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  • Dec 27, 2014
  • Updated: 3:56am

Wild Grass

PUBLISHED : Sunday, 05 December, 2010, 12:00am
UPDATED : Sunday, 05 December, 2010, 12:00am

Wild Grass
Andre Dussollier, Sabine Azema, Anne Consigny, Mathieu Amalric
Director: Alain Resnais

Alain Resnais was 87 when he made Wild Grass, but it hardly shows. Based on Christian Gailly's novel L'Incident, the veteran French filmmaker's 20th feature is an inventive romp that instills intrigue and plentiful visual experimentation into what on the surface appears to be a comedy about the obsessions of two middle-aged eccentrics.

After picking up a lost wallet on the street, the seemingly ordinary and happily married Georges Palet (Andre Dussollier) finds himself infatuated with its owner, Marguerite Muir (Sabine Azema), a dentist who counts flying vintage planes as her main hobby.

The first half of the film sees Palet bombarding Muir with letters and phone calls. His fixation forces Palet to revisit an episode from his past - with hints about it possibly being something criminal. A visit from two police officers (the remarkably deadpan Mathieu Amalric and Michel Vuillermoz) reverses the relationship, and it becomes Muir's turn to pester Palet endlessly for attention.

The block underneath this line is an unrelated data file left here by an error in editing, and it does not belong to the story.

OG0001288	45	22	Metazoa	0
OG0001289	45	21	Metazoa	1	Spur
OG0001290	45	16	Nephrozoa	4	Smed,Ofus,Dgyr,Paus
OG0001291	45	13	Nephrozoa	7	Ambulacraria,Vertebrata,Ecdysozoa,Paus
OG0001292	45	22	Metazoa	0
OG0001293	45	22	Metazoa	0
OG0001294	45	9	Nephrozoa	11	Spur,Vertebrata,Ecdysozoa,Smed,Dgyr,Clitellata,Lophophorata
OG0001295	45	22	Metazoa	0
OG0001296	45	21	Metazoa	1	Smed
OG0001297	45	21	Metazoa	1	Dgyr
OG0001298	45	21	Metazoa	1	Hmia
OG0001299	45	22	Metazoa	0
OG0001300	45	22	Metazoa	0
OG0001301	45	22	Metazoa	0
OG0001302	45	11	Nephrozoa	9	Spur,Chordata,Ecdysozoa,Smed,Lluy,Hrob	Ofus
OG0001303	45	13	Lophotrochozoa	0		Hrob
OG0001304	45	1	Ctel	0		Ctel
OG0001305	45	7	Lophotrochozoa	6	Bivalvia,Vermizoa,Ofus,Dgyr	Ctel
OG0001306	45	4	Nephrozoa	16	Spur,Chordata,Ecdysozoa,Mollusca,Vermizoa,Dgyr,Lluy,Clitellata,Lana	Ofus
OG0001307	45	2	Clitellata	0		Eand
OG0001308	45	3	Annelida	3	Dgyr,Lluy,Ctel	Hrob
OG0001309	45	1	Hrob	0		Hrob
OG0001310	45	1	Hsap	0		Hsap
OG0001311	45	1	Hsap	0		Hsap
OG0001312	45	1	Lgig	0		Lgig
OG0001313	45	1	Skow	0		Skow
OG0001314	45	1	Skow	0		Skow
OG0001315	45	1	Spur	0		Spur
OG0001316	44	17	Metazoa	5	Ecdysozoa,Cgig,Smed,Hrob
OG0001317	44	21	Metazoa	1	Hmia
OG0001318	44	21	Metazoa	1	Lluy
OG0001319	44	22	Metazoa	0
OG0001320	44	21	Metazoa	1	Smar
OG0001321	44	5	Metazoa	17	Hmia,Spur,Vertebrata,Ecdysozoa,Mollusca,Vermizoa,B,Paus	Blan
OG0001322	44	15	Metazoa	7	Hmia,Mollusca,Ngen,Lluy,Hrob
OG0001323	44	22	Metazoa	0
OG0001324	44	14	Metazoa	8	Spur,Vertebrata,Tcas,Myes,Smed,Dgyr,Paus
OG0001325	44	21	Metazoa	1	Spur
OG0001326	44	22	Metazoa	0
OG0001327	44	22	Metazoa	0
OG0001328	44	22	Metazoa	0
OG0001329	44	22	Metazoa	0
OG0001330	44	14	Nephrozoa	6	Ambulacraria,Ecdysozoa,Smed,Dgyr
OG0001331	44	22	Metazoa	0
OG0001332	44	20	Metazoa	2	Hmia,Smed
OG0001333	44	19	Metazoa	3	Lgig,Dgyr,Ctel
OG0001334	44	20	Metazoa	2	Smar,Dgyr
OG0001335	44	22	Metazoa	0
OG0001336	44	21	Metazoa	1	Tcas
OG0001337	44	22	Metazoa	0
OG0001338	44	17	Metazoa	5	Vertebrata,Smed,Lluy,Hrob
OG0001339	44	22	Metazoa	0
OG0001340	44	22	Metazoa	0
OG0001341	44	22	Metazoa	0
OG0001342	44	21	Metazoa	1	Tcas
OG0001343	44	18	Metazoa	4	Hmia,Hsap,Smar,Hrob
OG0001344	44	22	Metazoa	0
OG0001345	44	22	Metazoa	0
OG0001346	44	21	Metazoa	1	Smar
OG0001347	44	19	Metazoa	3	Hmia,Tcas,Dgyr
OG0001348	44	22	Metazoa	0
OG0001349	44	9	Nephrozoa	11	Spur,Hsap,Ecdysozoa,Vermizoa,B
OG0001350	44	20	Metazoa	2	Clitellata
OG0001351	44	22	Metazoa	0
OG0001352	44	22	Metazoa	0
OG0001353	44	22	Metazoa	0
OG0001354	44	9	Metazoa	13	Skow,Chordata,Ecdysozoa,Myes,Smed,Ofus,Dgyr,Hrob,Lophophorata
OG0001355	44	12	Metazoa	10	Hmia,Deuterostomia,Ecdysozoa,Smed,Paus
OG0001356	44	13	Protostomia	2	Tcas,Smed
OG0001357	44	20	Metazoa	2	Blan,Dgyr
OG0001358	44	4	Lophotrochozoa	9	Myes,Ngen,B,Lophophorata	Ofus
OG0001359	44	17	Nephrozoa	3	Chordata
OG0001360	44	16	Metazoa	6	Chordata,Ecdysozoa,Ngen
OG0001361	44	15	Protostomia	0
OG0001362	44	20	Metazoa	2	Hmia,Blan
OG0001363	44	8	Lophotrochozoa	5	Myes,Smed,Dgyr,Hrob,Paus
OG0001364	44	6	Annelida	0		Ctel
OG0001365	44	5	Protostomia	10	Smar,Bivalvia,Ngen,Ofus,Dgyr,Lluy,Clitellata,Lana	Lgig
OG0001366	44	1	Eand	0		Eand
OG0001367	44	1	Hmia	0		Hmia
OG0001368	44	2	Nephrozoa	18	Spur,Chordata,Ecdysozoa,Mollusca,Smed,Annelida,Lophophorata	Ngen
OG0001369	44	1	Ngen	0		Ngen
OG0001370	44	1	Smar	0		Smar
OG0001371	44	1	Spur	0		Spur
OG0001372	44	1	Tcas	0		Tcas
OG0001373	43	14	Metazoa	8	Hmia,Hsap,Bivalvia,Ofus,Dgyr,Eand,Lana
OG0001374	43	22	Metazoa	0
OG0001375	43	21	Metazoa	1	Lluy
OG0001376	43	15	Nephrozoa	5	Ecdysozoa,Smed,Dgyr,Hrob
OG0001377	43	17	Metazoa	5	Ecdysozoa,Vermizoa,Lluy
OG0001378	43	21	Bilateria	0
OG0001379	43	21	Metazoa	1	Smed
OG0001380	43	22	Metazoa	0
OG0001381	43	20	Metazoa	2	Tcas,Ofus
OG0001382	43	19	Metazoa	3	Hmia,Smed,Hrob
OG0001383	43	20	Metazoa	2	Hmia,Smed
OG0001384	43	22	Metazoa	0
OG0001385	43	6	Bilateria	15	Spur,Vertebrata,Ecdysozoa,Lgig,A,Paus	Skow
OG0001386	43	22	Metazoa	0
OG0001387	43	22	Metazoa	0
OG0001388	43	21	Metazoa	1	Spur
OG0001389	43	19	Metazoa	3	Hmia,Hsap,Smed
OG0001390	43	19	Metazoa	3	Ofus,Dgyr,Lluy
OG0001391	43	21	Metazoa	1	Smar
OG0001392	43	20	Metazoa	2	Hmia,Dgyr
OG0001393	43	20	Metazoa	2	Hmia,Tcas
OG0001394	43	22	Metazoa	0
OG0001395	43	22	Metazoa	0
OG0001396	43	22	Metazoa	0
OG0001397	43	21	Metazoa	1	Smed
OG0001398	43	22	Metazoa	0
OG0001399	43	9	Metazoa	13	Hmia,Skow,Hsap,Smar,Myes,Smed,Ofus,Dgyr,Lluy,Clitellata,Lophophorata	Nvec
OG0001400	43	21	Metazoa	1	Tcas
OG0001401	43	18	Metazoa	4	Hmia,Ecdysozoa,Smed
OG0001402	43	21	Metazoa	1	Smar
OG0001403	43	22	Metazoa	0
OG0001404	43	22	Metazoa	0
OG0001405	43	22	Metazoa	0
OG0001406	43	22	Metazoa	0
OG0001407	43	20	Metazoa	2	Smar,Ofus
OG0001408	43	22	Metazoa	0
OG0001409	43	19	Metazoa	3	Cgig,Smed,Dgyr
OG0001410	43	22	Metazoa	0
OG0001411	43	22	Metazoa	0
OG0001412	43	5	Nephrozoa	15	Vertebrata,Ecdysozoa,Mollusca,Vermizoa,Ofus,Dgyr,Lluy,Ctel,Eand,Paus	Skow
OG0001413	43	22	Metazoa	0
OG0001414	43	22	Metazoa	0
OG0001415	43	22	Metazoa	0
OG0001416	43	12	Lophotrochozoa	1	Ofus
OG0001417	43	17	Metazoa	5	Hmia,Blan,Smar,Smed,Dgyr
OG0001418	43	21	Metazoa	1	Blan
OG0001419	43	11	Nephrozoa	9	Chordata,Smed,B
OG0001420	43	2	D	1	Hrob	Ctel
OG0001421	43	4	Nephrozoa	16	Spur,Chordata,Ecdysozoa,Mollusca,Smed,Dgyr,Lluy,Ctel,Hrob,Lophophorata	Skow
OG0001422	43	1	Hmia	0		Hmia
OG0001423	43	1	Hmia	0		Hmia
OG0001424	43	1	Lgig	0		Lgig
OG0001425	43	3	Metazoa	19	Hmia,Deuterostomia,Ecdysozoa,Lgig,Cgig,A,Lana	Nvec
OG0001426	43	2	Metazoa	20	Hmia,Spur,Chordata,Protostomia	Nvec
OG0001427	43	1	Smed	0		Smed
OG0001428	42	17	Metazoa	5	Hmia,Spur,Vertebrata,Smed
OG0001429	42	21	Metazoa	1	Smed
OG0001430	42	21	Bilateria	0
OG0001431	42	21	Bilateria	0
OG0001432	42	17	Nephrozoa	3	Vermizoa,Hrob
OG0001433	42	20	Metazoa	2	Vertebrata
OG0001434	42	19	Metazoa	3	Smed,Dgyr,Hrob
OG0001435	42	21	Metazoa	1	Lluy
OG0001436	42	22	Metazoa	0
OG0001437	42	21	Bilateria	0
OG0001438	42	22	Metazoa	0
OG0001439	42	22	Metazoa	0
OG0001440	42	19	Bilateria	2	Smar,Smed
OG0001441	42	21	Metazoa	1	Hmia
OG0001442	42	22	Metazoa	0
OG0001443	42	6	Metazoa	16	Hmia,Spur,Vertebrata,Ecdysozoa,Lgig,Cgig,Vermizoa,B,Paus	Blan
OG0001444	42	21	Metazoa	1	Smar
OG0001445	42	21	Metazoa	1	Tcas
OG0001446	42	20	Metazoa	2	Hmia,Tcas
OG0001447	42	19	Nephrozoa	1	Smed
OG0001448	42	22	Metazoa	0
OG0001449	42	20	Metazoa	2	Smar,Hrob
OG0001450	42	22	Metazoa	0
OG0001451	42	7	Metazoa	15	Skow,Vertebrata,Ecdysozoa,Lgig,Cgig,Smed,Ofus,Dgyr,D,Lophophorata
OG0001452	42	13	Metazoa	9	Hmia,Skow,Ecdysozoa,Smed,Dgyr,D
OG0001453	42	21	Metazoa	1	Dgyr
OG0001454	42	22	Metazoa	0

Lightweight as the plot might sound, Wild Grass is best seen as a mood piece resembling a midsummer night's dream. The story unfolds with the constant aural presence of a narrator (Edouard Baer) as if Resnais is presenting the narrative as an improvised product of this unseen individual - threads suddenly come to a halt and are revisited from another perspective.

It's valid to ask why, for example, Palet's wife (Anne Consigny) doesn't react that much to her husband's obsession. It's equally justified to question Muir's sudden mental collapse, which leads her to neglect nearly all her professional duties as she embarks on an intense, stalker-like existence.

Such incoherence, however, is amply compensated by Resnais' trademark off-kilter cinematic tropes, from the reverie-like dolly-shots of a pillar-strewn arcade (a reprise of that contemplative sequence of a manor's ceilings in Last Year in Marienbad) to the rapid-fire editing which breaks up the detectives' interrogation of Palet. It's such mastery in subverting screen norms that makes Wild Grass as much a surprise as the subject in the film's title - the vegetation which sprouts from the cracks of pavements and walls. Resnais has again delivered an interesting work, if not a masterpiece.

Extras: trailer, documentary.

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